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Milena Krasteva
Sr Director II, Product Management, WalmartOctober 8

A CEO once told me that he would only hire a person if he thought that he would enjoy the time spent with that person despite being stuck at an airport with them waiting to board an indefinitely delayed flight. Despite the exaggeration, I've always imagined the equivalent scenario as whether engineers would want to spend hours with a PM in a war room or a bug bash.

Be an engaged partner. Be in the trenches with them. Work hard or harder. Follow-up and follow-through on your stuff. Be transparent about the real business context, the one they may not have heard. Tell them about what you are up against. Bounce ideas off of them, ask about options, be curious. Be their ally, advocate, or sounding board when needed but not blindly. Don't just toss a problem over the wall. Write a technical PRD vs a one-pager. If they are "not delivering" don't just report it as late in a status meeting. Meet proactively- ask what can you do to help them do their part. There could be a zillion other reasons- they are working on something else that's more important, or even less important but they didn't know otherwise, they don't know how to "fix it" yet, or they are dealing with personal issues, etc. Admit your mistakes and help them recover from any of theirs. This does not mean sweeping real issues under the rug. Address things that cause real damage head on privately or less privately as needed.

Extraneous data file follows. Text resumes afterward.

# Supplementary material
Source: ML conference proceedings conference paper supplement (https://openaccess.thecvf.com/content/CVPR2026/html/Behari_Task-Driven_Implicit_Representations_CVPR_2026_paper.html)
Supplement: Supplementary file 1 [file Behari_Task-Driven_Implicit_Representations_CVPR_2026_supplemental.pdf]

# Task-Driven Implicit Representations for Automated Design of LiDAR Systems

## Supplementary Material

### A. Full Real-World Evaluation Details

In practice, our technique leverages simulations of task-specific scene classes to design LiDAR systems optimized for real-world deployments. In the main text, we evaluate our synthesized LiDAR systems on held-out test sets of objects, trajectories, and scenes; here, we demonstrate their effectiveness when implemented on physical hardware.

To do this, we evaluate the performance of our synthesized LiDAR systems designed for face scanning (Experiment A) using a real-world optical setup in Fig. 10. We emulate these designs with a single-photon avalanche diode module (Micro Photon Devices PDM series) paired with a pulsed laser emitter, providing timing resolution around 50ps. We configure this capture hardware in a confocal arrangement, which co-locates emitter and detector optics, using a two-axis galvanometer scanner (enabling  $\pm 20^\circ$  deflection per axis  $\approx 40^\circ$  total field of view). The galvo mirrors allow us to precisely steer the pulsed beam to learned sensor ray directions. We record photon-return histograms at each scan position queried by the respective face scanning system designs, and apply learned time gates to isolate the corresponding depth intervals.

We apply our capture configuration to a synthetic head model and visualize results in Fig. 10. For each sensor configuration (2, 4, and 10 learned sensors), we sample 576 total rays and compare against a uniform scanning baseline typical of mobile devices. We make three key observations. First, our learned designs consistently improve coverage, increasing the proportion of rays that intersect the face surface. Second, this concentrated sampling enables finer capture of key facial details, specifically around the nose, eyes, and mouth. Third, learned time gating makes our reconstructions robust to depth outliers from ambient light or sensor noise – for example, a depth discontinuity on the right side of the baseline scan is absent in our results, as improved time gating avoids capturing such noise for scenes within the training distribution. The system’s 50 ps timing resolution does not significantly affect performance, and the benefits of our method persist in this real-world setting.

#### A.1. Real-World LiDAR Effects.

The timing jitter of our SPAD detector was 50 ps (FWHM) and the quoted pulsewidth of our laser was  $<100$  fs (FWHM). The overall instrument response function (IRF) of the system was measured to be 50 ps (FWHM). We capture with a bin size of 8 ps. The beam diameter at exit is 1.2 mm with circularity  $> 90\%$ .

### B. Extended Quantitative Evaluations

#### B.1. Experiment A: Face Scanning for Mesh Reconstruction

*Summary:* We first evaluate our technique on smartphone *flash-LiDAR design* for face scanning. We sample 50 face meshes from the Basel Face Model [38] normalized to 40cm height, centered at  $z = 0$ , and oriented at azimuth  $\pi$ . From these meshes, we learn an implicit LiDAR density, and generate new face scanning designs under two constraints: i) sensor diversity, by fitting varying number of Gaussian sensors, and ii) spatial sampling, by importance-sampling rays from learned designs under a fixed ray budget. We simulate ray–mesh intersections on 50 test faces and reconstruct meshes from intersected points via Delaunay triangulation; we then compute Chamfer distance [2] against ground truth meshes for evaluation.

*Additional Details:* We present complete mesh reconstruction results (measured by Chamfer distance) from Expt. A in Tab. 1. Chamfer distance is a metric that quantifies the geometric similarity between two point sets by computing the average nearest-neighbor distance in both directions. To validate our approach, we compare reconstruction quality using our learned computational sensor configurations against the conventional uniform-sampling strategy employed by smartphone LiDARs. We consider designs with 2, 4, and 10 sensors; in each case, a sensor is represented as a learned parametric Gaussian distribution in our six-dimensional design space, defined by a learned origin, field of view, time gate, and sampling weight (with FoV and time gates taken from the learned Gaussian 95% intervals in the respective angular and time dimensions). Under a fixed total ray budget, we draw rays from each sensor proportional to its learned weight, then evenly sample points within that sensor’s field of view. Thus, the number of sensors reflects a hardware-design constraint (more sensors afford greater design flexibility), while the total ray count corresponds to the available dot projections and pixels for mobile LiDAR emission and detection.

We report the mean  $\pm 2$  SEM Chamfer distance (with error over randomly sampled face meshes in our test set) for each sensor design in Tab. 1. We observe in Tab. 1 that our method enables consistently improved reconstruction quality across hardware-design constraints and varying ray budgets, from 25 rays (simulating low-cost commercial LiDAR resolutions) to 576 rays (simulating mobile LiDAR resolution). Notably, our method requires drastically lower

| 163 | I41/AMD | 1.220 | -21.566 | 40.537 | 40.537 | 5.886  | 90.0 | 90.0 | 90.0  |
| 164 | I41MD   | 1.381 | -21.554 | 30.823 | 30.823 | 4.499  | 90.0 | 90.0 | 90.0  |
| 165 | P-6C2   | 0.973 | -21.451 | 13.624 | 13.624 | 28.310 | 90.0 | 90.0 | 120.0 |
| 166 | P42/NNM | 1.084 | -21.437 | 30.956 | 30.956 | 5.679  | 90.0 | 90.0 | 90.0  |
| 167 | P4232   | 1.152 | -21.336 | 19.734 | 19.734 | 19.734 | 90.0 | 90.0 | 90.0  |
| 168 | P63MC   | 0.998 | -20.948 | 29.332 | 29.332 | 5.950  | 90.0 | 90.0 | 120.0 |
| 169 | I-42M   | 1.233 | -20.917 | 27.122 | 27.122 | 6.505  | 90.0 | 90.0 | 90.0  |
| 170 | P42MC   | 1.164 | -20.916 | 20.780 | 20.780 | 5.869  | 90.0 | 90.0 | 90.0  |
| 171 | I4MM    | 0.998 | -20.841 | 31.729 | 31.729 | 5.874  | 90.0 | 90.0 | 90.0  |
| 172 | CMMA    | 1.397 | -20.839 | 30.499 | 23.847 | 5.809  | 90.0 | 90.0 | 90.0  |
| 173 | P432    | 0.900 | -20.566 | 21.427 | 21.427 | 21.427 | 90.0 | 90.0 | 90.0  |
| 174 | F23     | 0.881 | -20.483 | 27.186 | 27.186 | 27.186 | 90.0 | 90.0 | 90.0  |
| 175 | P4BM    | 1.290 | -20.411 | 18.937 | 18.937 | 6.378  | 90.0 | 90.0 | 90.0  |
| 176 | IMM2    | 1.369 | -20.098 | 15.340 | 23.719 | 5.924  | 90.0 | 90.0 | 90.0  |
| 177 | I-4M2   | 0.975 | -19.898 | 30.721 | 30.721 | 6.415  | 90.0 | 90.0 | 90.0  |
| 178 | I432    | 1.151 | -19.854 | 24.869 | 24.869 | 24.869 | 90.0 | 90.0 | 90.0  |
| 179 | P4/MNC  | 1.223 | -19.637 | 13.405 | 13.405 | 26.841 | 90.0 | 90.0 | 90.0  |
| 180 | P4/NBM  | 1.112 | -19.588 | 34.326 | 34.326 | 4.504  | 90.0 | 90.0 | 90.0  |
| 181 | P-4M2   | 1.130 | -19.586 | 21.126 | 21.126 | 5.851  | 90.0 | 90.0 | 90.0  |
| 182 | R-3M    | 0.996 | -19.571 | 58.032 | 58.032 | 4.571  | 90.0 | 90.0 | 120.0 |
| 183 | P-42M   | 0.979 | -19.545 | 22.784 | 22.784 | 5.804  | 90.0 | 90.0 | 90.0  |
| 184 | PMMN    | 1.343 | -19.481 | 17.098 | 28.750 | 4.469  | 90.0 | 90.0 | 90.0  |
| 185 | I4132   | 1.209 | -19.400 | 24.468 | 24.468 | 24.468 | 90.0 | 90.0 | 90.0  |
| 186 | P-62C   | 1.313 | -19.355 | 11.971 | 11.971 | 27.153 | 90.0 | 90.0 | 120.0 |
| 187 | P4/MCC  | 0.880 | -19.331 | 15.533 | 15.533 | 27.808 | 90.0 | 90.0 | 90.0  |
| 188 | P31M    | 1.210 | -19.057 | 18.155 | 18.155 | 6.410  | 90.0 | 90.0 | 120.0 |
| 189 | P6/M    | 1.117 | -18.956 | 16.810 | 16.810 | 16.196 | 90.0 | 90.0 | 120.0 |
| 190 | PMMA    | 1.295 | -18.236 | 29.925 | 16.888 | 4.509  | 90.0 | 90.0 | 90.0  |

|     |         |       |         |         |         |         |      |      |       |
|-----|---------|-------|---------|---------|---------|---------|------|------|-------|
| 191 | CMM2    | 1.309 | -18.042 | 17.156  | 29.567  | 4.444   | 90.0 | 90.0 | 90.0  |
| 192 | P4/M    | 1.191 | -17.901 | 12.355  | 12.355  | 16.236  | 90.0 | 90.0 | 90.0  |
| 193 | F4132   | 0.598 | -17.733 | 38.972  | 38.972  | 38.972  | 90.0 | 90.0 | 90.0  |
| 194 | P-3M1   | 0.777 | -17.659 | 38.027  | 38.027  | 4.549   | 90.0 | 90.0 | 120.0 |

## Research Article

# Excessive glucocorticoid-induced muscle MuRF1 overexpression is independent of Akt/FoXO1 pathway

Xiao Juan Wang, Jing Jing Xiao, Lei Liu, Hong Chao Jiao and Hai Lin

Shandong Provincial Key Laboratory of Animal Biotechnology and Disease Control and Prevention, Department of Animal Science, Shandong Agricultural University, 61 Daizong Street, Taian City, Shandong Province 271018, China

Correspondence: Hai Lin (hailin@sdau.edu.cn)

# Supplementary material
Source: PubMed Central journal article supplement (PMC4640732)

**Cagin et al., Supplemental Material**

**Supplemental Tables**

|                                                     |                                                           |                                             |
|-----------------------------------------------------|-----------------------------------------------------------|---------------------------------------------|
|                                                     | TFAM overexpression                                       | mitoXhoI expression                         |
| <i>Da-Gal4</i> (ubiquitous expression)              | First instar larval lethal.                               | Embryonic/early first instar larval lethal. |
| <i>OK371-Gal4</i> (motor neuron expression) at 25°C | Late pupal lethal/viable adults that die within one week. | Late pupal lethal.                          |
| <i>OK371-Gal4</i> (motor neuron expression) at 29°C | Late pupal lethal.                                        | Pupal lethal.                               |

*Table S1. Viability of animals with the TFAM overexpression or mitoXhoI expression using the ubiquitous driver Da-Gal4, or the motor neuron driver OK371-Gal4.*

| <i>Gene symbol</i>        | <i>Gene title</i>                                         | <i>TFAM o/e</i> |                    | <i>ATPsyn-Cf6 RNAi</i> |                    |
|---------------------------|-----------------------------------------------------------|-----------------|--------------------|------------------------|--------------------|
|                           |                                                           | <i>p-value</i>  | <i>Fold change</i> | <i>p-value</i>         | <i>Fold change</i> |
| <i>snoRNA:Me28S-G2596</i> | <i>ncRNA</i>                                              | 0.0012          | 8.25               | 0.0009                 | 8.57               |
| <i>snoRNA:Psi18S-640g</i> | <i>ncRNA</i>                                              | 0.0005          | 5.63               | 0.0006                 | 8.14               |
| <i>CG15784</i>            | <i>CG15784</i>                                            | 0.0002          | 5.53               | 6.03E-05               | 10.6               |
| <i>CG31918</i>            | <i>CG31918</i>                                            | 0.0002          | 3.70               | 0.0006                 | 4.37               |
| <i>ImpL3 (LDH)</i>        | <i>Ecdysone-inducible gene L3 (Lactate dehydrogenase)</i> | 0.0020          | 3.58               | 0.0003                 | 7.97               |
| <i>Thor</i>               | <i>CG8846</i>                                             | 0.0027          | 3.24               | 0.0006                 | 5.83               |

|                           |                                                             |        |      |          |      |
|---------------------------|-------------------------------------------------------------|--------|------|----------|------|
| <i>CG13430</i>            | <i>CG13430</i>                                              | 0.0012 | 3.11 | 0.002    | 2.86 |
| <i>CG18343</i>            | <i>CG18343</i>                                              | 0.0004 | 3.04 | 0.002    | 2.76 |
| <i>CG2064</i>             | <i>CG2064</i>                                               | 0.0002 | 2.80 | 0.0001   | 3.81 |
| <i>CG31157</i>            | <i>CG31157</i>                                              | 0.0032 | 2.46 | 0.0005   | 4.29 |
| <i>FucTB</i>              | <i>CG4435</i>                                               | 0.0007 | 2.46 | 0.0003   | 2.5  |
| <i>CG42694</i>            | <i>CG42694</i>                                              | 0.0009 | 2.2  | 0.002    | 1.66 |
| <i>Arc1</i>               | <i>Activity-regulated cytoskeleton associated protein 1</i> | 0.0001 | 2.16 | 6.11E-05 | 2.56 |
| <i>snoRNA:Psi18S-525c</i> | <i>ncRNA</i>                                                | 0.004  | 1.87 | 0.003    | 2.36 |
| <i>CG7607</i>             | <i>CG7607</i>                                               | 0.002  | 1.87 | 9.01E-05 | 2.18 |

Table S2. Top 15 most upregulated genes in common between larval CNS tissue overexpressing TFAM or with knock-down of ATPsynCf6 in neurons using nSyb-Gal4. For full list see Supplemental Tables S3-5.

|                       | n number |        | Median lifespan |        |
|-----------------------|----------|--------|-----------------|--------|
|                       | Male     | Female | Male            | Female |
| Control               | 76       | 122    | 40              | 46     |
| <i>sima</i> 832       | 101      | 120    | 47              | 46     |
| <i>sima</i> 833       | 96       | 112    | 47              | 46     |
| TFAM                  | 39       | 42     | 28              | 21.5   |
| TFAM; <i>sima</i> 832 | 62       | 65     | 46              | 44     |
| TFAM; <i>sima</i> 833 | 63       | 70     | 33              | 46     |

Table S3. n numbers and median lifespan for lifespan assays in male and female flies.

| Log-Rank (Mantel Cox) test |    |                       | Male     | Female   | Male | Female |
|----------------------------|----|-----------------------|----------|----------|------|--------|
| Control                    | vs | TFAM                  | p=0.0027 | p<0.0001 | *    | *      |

By now you may have noticed that none of my answer contains anything about having more technical knowledge. It is also true that getting increasingly more technical will always help. But it won't impress or influence. Being real and human is more impressive these days; it will build trust, and trust paves the path to true influence, one that cannot be confused with coming from title or power.